Blog Post #7
As long as I can remember, I have awakened to a concert of birdsong, which has mostly been taken for granted. Gradually, my mind has awakened from an oblivious stupor, and taken notice, realizing how much their trills and whistles are a part of my life—how devoid of joy the rustle of leaves in the breeze would seem without the accent of their sweet music.
The first welcome greeting of the day is always the low and melancholy cooing of the mourning dove. Aptly named, her subtle tones, soft and sad, transport me to a time long gone—a time lost to time—the time of my youth. As I listen, I am sixteen again—up early, the window slightly ajar, listening—the dove reminding me that each day is like the next. Nothing will change. But everything does. I am not a child anymore. My nest, once full, is now empty. I stand where my sixteen-year-old self stood, by the same open window, listening. The dove is still there—ageless. I can’t imagine beginning a day without her gentle warblings. So accustomed to her soothing tones am I, that they speak comfort and peace to my heart, and pledge a vow of constancy amid the inevitability of change. How ironic that the dove—the symbolic bird of peace—bodes both loss and comfort.
One tweet leads to another…. Another bird song comes to mind, one that disappeared with the passage of time, as the neighborhood grew and developed. The elusive singers of the abrupt and scratchy ballpark cry of Chi-ca-go! Chi-ca-go! were most often heard and not seen.
When leaving for elementary school early in the morning, sometimes I had the rare treat of meeting a family of quail in front of our house. I whispered a greeting to the little family, but the mother scurried off with her little covey of four or five chicks, their curled plumes pointing the way as they swiftly followed on quick, tiny feet to find cover in the large pine and gazanias that once occupied the west side of the driveway.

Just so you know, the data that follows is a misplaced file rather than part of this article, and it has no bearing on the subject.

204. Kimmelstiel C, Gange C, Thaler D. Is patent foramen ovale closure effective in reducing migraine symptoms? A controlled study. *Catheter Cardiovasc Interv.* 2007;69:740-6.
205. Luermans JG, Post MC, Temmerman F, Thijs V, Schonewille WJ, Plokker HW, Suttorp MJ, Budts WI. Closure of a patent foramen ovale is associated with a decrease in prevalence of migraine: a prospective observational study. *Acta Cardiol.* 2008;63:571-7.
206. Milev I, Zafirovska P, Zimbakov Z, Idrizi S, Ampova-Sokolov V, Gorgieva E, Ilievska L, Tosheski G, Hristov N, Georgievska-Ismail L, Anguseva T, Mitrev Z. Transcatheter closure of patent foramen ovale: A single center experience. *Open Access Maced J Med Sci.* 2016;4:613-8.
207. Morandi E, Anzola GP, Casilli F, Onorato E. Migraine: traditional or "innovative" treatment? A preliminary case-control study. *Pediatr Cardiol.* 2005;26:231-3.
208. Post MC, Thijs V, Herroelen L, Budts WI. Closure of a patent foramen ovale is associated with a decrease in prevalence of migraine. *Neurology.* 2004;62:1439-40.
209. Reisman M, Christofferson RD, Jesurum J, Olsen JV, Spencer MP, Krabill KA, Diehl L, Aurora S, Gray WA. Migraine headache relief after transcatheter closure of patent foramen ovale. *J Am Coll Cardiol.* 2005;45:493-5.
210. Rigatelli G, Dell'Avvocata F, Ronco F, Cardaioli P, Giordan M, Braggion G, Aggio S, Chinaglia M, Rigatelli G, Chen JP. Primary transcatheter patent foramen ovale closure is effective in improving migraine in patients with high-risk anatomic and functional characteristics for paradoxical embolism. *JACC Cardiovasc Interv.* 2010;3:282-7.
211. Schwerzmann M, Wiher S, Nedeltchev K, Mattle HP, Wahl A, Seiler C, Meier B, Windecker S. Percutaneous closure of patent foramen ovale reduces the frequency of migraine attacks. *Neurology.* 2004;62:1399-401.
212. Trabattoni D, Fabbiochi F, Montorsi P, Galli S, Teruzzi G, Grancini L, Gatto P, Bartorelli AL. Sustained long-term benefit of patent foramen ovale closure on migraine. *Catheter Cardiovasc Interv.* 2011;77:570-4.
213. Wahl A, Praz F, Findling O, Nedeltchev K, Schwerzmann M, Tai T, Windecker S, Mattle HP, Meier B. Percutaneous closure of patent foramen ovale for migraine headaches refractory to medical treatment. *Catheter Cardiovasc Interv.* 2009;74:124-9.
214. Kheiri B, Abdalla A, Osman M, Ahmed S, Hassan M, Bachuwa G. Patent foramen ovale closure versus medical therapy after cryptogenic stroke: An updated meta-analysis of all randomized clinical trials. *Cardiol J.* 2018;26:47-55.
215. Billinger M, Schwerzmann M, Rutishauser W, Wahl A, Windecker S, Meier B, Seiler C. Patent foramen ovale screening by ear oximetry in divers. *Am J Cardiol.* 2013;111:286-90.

As a child, I was less fond of the ominous, scavenging crows—always watching from their perch on the power lines—peering out of those beady black eyes, ready to swoop down for carrion and crumbs as they cawed their warning cry. Now, I think of them as old pals, still watching from a distance, but in a friendlier way.
After decades away, we have returned to my childhood home to care for my aging father. The birds are still here—same ones, and some less familiar to me. My husband has become particularly annoyed with a mockingbird that lives up to its reputation, for mock he does! He purposely made his home outside our bedroom window, and like a long-running Broadway musical repeatedly performs his repertoire of calls with show time beginning at five o’clock every morning. I think he does it just because he knows how much it irritates Brad, who has always been a light sleeper.
A favorite of mine is the meadowlark. His cheerful, melodic song beckons me outdoors, “Open the window!” he says. “Come outside, and enjoy the sunshine! Be happy! It’s a beautiful new day!” And when I do, I’m not disappointed.